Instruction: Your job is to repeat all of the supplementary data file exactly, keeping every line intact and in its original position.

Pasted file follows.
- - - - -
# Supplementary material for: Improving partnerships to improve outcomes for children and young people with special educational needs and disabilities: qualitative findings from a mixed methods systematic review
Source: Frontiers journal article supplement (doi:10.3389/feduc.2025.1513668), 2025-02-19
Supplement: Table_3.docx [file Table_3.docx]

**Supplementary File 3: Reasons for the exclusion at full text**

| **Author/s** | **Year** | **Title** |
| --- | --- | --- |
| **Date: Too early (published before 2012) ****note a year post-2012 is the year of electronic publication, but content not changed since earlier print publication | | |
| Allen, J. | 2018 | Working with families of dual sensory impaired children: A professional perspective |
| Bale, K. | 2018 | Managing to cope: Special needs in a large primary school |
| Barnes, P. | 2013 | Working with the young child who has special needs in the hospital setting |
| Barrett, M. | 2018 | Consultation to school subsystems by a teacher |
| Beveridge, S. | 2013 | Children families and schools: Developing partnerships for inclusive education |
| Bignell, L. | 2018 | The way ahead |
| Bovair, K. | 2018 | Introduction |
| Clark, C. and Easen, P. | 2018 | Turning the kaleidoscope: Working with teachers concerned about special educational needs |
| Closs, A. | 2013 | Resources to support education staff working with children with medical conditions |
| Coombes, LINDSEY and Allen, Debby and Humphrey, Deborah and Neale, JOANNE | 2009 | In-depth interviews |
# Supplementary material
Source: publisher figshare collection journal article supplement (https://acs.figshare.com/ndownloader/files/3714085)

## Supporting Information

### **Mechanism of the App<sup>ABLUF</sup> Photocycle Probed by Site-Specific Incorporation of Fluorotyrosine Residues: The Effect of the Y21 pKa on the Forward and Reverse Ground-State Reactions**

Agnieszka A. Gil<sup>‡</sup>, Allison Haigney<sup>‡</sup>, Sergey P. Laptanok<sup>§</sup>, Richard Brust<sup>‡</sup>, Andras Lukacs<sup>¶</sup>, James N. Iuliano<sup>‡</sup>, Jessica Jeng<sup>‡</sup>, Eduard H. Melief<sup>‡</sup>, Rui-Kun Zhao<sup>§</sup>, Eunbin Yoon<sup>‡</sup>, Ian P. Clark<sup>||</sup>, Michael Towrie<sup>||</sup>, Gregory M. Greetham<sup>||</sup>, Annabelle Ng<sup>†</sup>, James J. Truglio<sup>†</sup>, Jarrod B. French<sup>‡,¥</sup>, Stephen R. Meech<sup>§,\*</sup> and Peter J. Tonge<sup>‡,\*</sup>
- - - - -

# Supplementary material for: Improving partnerships to improve outcomes for children and young people with special educational needs and disabilities: qualitative findings from a mixed methods systematic review
Source: Frontiers journal article supplement (doi:10.3389/feduc.2025.1513668), 2025-02-19
Supplement: Table_3.docx [file Table_3.docx]

**Supplementary File 3: Reasons for the exclusion at full text**

| **Author/s** | **Year** | **Title** |
| --- | --- | --- |
| **Date: Too early (published before 2012) ****note a year post-2012 is the year of electronic publication, but content not changed since earlier print publication | | |
| Allen, J. | 2018 | Working with families of dual sensory impaired children: A professional perspective |
| Bale, K. | 2018 | Managing to cope: Special needs in a large primary school |
| Barnes, P. | 2013 | Working with the young child who has special needs in the hospital setting |
| Barrett, M. | 2018 | Consultation to school subsystems by a teacher |
| Beveridge, S. | 2013 | Children families and schools: Developing partnerships for inclusive education |
| Bignell, L. | 2018 | The way ahead |
| Bovair, K. | 2018 | Introduction |
| Clark, C. and Easen, P. | 2018 | Turning the kaleidoscope: Working with teachers concerned about special educational needs |
| Closs, A. | 2013 | Resources to support education staff working with children with medical conditions |
| Coombes, LINDSEY and Allen, Debby and Humphrey, Deborah and Neale, JOANNE | 2009 | In-depth interviews |
# Supplementary material
Source: publisher figshare collection journal article supplement (https://acs.figshare.com/ndownloader/files/3714085)

## Supporting Information

### **Mechanism of the App<sup>ABLUF</sup> Photocycle Probed by Site-Specific Incorporation of Fluorotyrosine Residues: The Effect of the Y21 pKa on the Forward and Reverse Ground-State Reactions**

Agnieszka A. Gil<sup>‡</sup>, Allison Haigney<sup>‡</sup>, Sergey P. Laptanok<sup>§</sup>, Richard Brust<sup>‡</sup>, Andras Lukacs<sup>¶</sup>, James N. Iuliano<sup>‡</sup>, Jessica Jeng<sup>‡</sup>, Eduard H. Melief<sup>‡</sup>, Rui-Kun Zhao<sup>§</sup>, Eunbin Yoon<sup>‡</sup>, Ian P. Clark<sup>||</sup>, Michael Towrie<sup>||</sup>, Gregory M. Greetham<sup>||</sup>, Annabelle Ng<sup>†</sup>, James J. Truglio<sup>†</sup>, Jarrod B. French<sup>‡,¥</sup>, Stephen R. Meech<sup>§,\*</sup> and Peter J. Tonge<sup>‡,\*</sup>